In a series of postings in early July I discussed the First Amendment and how it has been misused and abused in the courts since 1947. I recently read about a book that has been published on the topic. It is called Ten Tortured Words: How the Founding Fathers Tried to Protect Religion in America ... and What’s Happened Since. The author is Stephen Mansfield, and below are some of his comments on the so-called establishment clause of the First Amendment:
Ten words from the U.S. Constitution have intensely impacted the freedoms of Americans: Congress shall make no law respecting an establishment of religion.
“I find the history of this one sentence to be such an astonishing tale of folly,” said author Stephen Mansfield in an interview. “I also don’t think you can exaggerate the impact or the distortion of this sentence in modern America. In fact, I don’t think I know of another sentence that has proven as important to our country or is as wrenched from its original meaning and context. ... To put it simply, the Founding Fathers’ intended this sentence to tell the federal government that it could not build an official state church or prefer one religion over another in its laws. This sentence originally was not understood as a ban on religion in government. In fact, it didn’t even apply to the states. It was meant to contain the federal government only. Even then, though, it did not mean the federal government could not support religion in general. Early generations of Americans watched their government print Bibles, call for days of prayer and fasting, and even pay for missionaries to the Native Americans.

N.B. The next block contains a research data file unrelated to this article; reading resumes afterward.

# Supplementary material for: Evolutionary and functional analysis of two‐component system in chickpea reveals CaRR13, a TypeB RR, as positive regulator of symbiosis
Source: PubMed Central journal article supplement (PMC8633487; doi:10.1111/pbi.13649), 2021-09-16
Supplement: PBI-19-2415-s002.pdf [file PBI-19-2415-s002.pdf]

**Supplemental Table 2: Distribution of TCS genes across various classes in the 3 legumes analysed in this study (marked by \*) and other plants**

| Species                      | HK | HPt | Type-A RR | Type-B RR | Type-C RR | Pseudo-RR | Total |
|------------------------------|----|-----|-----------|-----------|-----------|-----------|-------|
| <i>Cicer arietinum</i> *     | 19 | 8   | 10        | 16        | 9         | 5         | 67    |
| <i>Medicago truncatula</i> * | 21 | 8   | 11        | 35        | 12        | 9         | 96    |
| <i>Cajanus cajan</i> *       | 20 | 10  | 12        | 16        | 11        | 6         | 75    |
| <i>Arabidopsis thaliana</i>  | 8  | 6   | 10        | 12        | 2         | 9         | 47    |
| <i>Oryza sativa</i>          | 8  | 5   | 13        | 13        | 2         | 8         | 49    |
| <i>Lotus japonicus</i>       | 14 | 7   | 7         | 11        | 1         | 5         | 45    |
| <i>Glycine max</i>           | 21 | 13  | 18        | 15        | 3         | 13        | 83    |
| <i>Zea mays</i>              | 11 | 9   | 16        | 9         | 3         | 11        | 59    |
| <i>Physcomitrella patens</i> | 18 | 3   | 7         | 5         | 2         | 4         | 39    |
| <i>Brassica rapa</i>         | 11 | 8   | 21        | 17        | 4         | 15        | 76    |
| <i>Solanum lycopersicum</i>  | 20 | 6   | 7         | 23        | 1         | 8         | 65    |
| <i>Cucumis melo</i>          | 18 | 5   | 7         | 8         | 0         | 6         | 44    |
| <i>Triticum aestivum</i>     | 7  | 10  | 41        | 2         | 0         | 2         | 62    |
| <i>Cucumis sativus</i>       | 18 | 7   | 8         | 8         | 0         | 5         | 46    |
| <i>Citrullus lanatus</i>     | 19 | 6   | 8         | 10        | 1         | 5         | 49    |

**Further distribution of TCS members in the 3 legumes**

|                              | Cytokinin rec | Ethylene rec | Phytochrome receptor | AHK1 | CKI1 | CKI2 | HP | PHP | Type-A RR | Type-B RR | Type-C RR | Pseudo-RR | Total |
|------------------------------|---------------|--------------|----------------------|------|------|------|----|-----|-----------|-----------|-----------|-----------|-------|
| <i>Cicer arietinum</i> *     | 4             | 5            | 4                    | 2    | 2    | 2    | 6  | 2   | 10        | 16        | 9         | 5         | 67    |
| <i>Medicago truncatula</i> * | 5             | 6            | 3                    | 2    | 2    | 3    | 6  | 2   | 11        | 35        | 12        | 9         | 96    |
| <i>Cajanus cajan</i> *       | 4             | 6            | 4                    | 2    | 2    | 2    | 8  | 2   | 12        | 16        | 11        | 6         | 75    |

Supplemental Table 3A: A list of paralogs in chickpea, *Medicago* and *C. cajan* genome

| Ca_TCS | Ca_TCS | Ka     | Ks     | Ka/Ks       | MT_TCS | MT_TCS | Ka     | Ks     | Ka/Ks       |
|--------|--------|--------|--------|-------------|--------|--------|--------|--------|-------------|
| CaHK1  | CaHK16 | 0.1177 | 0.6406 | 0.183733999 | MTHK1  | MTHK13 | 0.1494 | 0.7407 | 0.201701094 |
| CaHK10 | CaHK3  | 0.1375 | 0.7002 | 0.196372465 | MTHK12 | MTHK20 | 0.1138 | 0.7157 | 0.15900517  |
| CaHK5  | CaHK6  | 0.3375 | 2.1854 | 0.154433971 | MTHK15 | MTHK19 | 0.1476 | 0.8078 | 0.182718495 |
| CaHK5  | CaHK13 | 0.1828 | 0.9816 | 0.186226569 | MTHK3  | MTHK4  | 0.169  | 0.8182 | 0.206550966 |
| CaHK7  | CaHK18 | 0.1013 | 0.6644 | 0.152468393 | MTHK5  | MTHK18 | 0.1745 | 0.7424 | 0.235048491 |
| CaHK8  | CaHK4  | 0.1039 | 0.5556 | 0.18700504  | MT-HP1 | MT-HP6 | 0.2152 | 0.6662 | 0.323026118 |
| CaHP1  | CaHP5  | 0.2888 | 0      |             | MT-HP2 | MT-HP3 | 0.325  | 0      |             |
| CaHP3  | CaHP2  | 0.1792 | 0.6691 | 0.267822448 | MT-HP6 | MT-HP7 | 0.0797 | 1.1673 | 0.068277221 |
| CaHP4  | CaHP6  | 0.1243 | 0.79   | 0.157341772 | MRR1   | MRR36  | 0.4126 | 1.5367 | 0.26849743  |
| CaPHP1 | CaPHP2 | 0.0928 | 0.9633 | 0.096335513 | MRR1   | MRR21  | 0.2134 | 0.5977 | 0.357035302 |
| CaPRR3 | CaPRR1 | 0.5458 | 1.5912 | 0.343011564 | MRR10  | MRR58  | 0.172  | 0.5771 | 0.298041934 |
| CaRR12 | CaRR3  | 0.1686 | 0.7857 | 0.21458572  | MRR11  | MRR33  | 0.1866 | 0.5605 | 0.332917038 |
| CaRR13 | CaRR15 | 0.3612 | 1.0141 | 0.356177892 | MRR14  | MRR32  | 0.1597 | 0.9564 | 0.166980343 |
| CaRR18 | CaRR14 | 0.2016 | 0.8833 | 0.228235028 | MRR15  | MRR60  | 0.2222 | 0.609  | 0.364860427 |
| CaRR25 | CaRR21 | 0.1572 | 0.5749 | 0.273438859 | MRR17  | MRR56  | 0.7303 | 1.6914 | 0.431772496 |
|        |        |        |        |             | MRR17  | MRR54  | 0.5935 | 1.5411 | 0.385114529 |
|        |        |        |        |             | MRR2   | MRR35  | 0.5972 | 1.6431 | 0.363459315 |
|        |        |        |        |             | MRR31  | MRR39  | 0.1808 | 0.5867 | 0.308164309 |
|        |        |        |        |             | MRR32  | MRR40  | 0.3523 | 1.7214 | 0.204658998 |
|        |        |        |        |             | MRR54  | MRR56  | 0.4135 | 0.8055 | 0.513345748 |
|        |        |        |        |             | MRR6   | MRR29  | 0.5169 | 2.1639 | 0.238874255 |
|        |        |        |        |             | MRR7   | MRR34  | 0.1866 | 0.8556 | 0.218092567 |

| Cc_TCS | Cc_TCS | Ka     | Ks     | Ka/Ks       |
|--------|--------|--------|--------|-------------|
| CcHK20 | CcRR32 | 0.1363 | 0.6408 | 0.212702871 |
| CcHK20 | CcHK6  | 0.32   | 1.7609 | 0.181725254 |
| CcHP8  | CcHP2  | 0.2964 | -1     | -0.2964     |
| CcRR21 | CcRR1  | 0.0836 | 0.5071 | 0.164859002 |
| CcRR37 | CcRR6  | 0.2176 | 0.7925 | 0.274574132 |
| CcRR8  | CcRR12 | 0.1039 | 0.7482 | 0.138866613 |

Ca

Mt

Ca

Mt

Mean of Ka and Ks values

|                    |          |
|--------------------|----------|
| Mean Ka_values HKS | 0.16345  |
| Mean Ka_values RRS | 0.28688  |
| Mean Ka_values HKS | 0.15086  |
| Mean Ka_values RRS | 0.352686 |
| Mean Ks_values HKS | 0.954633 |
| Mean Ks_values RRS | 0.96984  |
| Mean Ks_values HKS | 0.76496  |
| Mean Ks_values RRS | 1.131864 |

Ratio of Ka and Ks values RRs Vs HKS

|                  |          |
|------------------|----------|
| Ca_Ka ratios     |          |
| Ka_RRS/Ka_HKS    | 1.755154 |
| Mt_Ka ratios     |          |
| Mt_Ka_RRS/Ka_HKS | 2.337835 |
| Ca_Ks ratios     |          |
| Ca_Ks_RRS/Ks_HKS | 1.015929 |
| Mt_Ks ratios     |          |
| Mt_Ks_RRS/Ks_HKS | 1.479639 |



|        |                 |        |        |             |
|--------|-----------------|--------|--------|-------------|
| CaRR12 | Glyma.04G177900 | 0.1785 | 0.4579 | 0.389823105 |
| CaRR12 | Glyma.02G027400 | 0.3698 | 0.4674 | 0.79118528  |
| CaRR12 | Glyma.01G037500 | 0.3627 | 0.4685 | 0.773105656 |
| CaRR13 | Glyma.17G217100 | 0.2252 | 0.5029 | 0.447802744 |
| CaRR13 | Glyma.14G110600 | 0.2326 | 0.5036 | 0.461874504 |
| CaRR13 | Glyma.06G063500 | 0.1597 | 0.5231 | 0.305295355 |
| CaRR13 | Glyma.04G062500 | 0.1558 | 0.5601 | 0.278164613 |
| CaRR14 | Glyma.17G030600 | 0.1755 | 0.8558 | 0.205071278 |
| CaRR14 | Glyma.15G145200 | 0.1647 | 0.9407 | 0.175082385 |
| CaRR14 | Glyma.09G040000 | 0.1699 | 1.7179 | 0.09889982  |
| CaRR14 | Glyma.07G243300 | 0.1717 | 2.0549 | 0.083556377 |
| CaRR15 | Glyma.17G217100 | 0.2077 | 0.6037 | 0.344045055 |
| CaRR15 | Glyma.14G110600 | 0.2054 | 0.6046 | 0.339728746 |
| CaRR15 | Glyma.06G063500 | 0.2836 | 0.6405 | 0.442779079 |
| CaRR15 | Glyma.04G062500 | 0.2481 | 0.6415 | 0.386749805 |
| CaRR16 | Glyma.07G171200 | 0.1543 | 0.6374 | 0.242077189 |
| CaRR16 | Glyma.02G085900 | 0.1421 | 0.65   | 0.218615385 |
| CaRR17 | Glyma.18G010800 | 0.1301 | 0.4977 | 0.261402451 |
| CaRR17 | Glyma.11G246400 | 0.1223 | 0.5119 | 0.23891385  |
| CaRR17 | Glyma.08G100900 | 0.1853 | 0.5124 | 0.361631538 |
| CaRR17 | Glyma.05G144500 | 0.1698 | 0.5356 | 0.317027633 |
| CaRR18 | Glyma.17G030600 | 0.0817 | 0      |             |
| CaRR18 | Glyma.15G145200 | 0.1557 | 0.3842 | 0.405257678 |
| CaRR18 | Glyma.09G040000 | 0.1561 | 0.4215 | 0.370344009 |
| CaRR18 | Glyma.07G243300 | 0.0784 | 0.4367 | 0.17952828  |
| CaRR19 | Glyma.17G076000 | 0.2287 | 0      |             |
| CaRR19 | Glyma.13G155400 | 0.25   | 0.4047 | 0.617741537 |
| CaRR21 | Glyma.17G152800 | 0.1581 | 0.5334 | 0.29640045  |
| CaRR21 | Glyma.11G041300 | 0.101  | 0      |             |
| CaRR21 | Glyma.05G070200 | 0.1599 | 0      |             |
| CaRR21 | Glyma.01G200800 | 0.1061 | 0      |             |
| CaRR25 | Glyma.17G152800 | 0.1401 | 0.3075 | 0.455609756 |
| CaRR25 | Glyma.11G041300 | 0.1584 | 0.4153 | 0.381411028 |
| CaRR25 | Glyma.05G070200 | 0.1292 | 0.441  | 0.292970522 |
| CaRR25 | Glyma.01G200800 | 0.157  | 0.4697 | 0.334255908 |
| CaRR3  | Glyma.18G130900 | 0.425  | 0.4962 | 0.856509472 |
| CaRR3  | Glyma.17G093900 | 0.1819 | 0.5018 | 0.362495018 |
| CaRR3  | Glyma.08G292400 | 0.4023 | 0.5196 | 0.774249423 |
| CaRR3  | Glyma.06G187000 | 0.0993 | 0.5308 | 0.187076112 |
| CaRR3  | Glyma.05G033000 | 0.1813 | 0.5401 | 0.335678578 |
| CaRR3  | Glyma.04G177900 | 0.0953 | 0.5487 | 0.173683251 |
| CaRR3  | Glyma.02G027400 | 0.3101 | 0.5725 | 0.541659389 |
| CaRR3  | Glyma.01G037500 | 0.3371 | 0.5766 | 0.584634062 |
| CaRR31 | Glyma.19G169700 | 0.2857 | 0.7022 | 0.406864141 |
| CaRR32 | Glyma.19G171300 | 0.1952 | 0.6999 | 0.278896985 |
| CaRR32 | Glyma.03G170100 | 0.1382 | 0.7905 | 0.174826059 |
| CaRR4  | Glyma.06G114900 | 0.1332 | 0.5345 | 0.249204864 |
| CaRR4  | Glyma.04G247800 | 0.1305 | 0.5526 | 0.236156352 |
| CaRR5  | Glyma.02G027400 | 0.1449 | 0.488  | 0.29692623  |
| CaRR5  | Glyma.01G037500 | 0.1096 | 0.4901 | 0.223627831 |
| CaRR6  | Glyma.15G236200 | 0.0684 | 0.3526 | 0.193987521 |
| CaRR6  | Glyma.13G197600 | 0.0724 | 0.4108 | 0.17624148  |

“It was Supreme Court Justice Hugo Black, writing the majority opinion in Everson v. Board of Education, who made fashionable — and legally enforceable — the phrase ‘wall of separation between church and state.’ He took it, not from one of America’s founding documents, but a letter Thomas Jefferson wrote to a group of appreciative Baptists — and, even worse, Black applied it out of context to suggest religion had no place in public life.
“I was a pastor for 20 years and worked in politics, so I knew about these trends. But what really moved me to write [this book] was that, as good as some of the books are out there on the subject, I couldn’t find any that tracked the story — from the Founding Fathers to the 1947 (Everson) case into the modern chaos — that were accessible to people, that were not intended to be written for lawyers.
“That’s why current (U.S.) Rep. Walter Jones is proposing a piece of legislation that would exclude churches from that IRS code, that would allow churches to address political matters if they want to.”
For a full, intriguing interview with Stephen Mansfield, visit http:// www.citizenlink.org/CLNews/a000005197.cfm. To visit his Web site and learn even more about the book and the author, link to http://www.mansfieldgroup.com